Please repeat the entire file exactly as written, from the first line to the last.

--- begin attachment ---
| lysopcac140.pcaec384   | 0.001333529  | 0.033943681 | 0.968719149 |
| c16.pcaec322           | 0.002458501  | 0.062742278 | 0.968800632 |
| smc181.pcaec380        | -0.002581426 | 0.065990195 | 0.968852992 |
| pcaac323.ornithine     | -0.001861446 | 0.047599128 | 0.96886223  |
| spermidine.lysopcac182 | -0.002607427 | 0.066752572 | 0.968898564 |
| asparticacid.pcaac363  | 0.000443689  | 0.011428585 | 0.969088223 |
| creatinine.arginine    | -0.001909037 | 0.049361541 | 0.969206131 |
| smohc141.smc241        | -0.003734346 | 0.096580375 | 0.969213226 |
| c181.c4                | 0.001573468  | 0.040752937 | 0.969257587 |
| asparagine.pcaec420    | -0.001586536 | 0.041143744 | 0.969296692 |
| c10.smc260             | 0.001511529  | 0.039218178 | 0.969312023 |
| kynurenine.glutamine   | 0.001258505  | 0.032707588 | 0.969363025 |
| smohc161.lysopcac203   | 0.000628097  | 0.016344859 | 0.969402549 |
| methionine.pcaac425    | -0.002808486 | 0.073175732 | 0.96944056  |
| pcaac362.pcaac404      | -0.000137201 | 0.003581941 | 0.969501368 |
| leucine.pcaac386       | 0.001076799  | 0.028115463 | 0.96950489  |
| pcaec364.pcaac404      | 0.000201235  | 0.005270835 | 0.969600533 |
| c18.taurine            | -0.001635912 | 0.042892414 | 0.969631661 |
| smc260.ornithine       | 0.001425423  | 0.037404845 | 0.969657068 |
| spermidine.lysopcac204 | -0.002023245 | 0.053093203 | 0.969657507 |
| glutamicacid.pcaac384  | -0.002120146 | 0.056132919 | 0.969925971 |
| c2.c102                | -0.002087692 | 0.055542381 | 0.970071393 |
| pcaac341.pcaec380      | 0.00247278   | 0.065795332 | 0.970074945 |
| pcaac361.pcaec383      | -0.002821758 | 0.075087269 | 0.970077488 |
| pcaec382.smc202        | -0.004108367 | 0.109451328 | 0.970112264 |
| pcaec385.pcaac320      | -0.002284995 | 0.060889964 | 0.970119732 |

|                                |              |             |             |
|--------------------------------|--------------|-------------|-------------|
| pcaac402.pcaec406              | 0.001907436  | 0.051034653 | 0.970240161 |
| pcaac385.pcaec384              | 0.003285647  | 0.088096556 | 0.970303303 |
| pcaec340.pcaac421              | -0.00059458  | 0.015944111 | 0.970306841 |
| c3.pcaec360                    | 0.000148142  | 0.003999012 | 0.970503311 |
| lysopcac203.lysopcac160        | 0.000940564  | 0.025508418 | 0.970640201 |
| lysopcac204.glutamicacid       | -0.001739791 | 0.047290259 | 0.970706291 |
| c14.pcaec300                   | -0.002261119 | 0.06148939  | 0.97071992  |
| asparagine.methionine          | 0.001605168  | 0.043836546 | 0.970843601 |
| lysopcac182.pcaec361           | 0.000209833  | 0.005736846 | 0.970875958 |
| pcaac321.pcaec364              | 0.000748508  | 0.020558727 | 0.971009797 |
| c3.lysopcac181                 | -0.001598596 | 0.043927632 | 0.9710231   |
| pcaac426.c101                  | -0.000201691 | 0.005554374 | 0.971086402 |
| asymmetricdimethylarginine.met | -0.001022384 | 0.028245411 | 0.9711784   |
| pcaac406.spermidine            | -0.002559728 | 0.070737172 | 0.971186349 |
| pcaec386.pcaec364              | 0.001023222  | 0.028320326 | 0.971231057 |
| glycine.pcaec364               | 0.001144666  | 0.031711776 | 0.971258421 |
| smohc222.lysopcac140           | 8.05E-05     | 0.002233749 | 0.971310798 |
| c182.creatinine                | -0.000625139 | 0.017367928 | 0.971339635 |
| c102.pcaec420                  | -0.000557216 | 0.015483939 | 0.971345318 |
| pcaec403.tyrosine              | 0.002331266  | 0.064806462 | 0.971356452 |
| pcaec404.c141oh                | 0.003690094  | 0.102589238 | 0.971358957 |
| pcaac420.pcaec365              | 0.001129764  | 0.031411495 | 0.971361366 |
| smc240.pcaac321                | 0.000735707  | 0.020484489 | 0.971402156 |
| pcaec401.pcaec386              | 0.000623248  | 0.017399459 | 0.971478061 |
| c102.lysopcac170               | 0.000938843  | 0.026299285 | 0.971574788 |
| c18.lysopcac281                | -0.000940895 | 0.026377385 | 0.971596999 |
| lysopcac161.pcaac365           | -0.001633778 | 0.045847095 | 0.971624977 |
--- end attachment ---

| lysopcac140.pcaec384   | 0.001333529  | 0.033943681 | 0.968719149 |
| c16.pcaec322           | 0.002458501  | 0.062742278 | 0.968800632 |
| smc181.pcaec380        | -0.002581426 | 0.065990195 | 0.968852992 |
| pcaac323.ornithine     | -0.001861446 | 0.047599128 | 0.96886223  |
| spermidine.lysopcac182 | -0.002607427 | 0.066752572 | 0.968898564 |
| asparticacid.pcaac363  | 0.000443689  | 0.011428585 | 0.969088223 |
| creatinine.arginine    | -0.001909037 | 0.049361541 | 0.969206131 |
| smohc141.smc241        | -0.003734346 | 0.096580375 | 0.969213226 |
| c181.c4                | 0.001573468  | 0.040752937 | 0.969257587 |
| asparagine.pcaec420    | -0.001586536 | 0.041143744 | 0.969296692 |
| c10.smc260             | 0.001511529  | 0.039218178 | 0.969312023 |
| kynurenine.glutamine   | 0.001258505  | 0.032707588 | 0.969363025 |
| smohc161.lysopcac203   | 0.000628097  | 0.016344859 | 0.969402549 |
| methionine.pcaac425    | -0.002808486 | 0.073175732 | 0.96944056  |
| pcaac362.pcaac404      | -0.000137201 | 0.003581941 | 0.969501368 |
| leucine.pcaac386       | 0.001076799  | 0.028115463 | 0.96950489  |
| pcaec364.pcaac404      | 0.000201235  | 0.005270835 | 0.969600533 |
| c18.taurine            | -0.001635912 | 0.042892414 | 0.969631661 |
| smc260.ornithine       | 0.001425423  | 0.037404845 | 0.969657068 |
| spermidine.lysopcac204 | -0.002023245 | 0.053093203 | 0.969657507 |
| glutamicacid.pcaac384  | -0.002120146 | 0.056132919 | 0.969925971 |
| c2.c102                | -0.002087692 | 0.055542381 | 0.970071393 |
| pcaac341.pcaec380      | 0.00247278   | 0.065795332 | 0.970074945 |
| pcaac361.pcaec383      | -0.002821758 | 0.075087269 | 0.970077488 |
| pcaec382.smc202        | -0.004108367 | 0.109451328 | 0.970112264 |
| pcaec385.pcaac320      | -0.002284995 | 0.060889964 | 0.970119732 |

|                                |              |             |             |
|--------------------------------|--------------|-------------|-------------|
| pcaac402.pcaec406              | 0.001907436  | 0.051034653 | 0.970240161 |
| pcaac385.pcaec384              | 0.003285647  | 0.088096556 | 0.970303303 |
| pcaec340.pcaac421              | -0.00059458  | 0.015944111 | 0.970306841 |
| c3.pcaec360                    | 0.000148142  | 0.003999012 | 0.970503311 |
| lysopcac203.lysopcac160        | 0.000940564  | 0.025508418 | 0.970640201 |
| lysopcac204.glutamicacid       | -0.001739791 | 0.047290259 | 0.970706291 |
| c14.pcaec300                   | -0.002261119 | 0.06148939  | 0.97071992  |
| asparagine.methionine          | 0.001605168  | 0.043836546 | 0.970843601 |
| lysopcac182.pcaec361           | 0.000209833  | 0.005736846 | 0.970875958 |
| pcaac321.pcaec364              | 0.000748508  | 0.020558727 | 0.971009797 |
| c3.lysopcac181                 | -0.001598596 | 0.043927632 | 0.9710231   |
| pcaac426.c101                  | -0.000201691 | 0.005554374 | 0.971086402 |
| asymmetricdimethylarginine.met | -0.001022384 | 0.028245411 | 0.9711784   |
| pcaac406.spermidine            | -0.002559728 | 0.070737172 | 0.971186349 |
| pcaec386.pcaec364              | 0.001023222  | 0.028320326 | 0.971231057 |
| glycine.pcaec364               | 0.001144666  | 0.031711776 | 0.971258421 |
| smohc222.lysopcac140           | 8.05E-05     | 0.002233749 | 0.971310798 |
| c182.creatinine                | -0.000625139 | 0.017367928 | 0.971339635 |
| c102.pcaec420                  | -0.000557216 | 0.015483939 | 0.971345318 |
| pcaec403.tyrosine              | 0.002331266  | 0.064806462 | 0.971356452 |
| pcaec404.c141oh                | 0.003690094  | 0.102589238 | 0.971358957 |
| pcaac420.pcaec365              | 0.001129764  | 0.031411495 | 0.971361366 |
| smc240.pcaac321                | 0.000735707  | 0.020484489 | 0.971402156 |
| pcaec401.pcaec386              | 0.000623248  | 0.017399459 | 0.971478061 |
| c102.lysopcac170               | 0.000938843  | 0.026299285 | 0.971574788 |
| c18.lysopcac281                | -0.000940895 | 0.026377385 | 0.971596999 |
| lysopcac161.pcaac365           | -0.001633778 | 0.045847095 | 0.971624977 |